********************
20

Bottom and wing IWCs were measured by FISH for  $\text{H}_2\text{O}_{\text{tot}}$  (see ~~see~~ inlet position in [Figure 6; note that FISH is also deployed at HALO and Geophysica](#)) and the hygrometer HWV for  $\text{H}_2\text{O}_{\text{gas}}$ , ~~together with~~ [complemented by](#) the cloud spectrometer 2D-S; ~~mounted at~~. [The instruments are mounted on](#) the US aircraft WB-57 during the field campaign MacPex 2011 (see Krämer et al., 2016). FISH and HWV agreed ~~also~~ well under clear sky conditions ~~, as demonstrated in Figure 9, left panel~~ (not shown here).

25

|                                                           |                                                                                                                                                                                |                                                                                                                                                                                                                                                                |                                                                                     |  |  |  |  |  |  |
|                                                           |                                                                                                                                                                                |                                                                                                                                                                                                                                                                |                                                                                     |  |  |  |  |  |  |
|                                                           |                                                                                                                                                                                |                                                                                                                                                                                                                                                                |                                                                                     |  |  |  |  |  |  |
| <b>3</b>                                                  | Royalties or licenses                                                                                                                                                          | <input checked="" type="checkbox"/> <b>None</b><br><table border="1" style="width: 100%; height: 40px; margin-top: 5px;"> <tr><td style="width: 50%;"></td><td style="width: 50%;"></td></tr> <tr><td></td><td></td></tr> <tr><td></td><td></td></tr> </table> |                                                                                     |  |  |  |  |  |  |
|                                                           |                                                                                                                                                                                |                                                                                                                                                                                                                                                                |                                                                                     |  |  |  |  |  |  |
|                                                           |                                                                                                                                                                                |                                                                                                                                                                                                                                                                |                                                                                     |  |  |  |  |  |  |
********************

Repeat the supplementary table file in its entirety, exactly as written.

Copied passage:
20

Bottom and wing IWCs were measured by FISH for  $\text{H}_2\text{O}_{\text{tot}}$  (see ~~see~~ inlet position in [Figure 6; note that FISH is also deployed at HALO and Geophysica](#)) and the hygrometer HWV for  $\text{H}_2\text{O}_{\text{gas}}$ , ~~together with~~ [complemented by](#) the cloud spectrometer 2D-S; ~~mounted at~~. [The instruments are mounted on](#) the US aircraft WB-57 during the field campaign MacPex 2011 (see Krämer et al., 2016). FISH and HWV agreed ~~also~~ well under clear sky conditions ~~, as demonstrated in Figure 9, left panel~~ (not shown here).

25

|                                                           |                                                                                                                                                                                |                                                                                                                                                                                                                                                                |                                                                                     |  |  |  |  |  |  |
|                                                           |                                                                                                                                                                                |                                                                                                                                                                                                                                                                |                                                                                     |  |  |  |  |  |  |
|                                                           |                                                                                                                                                                                |                                                                                                                                                                                                                                                                |                                                                                     |  |  |  |  |  |  |
| <b>3</b>                                                  | Royalties or licenses                                                                                                                                                          | <input checked="" type="checkbox"/> <b>None</b><br><table border="1" style="width: 100%; height: 40px; margin-top: 5px;"> <tr><td style="width: 50%;"></td><td style="width: 50%;"></td></tr> <tr><td></td><td></td></tr> <tr><td></td><td></td></tr> </table> |                                                                                     |  |  |  |  |  |  |
|                                                           |                                                                                                                                                                                |                                                                                                                                                                                                                                                                |                                                                                     |  |  |  |  |  |  |
|                                                           |                                                                                                                                                                                |                                                                                                                                                                                                                                                                |                                                                                     |  |  |  |  |  |  |